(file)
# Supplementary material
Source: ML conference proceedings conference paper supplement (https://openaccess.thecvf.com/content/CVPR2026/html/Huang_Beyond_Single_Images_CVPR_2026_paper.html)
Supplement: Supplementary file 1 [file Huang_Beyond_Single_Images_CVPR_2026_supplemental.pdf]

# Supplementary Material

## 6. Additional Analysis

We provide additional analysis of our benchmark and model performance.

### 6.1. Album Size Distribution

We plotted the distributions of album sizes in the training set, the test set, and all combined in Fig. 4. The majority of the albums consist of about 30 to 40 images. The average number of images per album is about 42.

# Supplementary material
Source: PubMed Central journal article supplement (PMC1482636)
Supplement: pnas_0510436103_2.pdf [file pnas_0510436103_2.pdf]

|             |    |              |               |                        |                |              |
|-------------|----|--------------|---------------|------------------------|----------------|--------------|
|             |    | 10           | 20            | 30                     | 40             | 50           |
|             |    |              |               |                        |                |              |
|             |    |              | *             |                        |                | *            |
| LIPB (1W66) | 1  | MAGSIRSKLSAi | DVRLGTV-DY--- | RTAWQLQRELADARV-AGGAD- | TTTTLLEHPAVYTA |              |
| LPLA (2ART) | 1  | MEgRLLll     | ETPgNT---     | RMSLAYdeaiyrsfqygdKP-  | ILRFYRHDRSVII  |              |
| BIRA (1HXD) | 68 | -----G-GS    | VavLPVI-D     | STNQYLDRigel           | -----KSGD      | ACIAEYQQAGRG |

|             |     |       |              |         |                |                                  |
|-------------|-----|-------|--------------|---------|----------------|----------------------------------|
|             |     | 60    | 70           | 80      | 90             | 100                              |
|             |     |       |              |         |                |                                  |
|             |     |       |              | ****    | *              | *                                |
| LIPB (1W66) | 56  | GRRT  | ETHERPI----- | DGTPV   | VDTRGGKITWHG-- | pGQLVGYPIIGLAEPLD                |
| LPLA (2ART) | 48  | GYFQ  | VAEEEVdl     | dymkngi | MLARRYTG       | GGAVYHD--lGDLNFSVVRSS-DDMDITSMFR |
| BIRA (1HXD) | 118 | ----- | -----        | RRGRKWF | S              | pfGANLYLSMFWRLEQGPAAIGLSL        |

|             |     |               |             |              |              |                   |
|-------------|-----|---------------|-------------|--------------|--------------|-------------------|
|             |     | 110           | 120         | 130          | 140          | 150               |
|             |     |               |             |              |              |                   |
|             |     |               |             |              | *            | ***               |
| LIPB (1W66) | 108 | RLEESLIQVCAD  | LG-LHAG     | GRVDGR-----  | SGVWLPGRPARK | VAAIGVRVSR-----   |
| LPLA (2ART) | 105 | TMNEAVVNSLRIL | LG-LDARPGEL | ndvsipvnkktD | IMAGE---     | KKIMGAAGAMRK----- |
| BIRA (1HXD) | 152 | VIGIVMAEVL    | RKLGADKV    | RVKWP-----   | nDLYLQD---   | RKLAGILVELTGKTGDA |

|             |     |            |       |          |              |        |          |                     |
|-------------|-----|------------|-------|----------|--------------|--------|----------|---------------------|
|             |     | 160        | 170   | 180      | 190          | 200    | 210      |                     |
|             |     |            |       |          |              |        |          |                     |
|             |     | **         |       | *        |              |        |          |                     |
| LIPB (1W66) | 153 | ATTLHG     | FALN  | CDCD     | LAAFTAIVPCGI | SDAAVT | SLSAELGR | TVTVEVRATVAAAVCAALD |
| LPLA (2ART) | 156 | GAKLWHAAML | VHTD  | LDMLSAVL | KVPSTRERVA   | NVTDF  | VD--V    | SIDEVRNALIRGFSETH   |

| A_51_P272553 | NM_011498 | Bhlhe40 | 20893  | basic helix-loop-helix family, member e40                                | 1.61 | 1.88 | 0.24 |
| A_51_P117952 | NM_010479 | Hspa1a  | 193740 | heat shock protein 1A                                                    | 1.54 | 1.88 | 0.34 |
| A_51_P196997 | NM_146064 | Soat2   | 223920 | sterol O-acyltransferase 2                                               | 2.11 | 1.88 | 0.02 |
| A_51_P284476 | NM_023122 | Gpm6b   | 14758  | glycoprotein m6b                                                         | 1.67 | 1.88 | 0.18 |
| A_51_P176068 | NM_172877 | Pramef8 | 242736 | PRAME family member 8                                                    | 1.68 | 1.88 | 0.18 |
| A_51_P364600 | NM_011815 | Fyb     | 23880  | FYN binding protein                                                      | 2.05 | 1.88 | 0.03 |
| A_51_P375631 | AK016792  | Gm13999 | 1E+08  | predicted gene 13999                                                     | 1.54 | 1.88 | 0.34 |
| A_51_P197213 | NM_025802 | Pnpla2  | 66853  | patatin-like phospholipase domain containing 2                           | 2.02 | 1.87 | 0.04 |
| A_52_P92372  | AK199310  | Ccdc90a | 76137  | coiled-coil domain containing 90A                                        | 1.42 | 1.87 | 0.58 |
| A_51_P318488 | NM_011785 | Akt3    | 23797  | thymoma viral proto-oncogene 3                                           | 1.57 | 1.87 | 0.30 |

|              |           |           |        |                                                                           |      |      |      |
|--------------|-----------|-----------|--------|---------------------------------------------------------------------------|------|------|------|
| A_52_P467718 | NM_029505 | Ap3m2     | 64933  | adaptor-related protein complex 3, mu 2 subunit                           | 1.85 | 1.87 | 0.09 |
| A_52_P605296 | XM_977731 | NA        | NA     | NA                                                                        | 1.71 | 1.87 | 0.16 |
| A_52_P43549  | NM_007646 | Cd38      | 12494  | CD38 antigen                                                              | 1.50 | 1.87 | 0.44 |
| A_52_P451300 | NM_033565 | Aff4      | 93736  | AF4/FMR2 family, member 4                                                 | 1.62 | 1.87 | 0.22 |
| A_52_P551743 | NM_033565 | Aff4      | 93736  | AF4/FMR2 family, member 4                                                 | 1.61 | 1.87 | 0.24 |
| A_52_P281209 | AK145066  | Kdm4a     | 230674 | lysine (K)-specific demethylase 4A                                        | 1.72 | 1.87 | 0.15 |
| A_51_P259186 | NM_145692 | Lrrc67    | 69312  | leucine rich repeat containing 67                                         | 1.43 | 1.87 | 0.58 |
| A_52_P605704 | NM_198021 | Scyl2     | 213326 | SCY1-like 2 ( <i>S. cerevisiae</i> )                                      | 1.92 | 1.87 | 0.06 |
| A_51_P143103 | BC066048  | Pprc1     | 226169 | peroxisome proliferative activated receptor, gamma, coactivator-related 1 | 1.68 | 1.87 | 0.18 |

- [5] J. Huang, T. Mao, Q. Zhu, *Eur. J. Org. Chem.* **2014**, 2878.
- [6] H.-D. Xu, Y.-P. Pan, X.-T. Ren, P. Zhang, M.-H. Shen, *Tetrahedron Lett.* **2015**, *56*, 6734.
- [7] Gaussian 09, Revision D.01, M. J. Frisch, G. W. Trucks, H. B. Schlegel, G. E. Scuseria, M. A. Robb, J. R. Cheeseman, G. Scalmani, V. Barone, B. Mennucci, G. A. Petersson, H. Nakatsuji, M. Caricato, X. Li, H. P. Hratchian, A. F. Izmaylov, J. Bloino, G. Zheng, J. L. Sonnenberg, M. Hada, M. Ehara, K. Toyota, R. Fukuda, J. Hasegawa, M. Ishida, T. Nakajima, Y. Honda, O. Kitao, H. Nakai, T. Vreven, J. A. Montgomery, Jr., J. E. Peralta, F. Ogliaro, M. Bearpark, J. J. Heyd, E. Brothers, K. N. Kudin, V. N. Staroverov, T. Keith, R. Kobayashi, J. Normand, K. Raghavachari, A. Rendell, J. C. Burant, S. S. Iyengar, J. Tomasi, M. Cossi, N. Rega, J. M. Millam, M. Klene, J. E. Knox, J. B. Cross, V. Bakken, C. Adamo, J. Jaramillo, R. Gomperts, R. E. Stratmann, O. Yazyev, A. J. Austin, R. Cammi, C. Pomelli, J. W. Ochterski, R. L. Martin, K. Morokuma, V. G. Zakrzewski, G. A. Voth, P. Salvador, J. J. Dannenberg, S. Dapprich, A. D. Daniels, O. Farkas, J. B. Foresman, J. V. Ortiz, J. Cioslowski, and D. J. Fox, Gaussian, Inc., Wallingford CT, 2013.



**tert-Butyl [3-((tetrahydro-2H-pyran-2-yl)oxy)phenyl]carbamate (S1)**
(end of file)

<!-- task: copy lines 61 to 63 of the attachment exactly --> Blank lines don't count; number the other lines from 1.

| A_51_P259186 | NM_145692 | Lrrc67    | 69312  | leucine rich repeat containing 67                                         | 1.43 | 1.87 | 0.58 |
| A_52_P605704 | NM_198021 | Scyl2     | 213326 | SCY1-like 2 ( <i>S. cerevisiae</i> )                                      | 1.92 | 1.87 | 0.06 |
| A_51_P143103 | BC066048  | Pprc1     | 226169 | peroxisome proliferative activated receptor, gamma, coactivator-related 1 | 1.68 | 1.87 | 0.18 |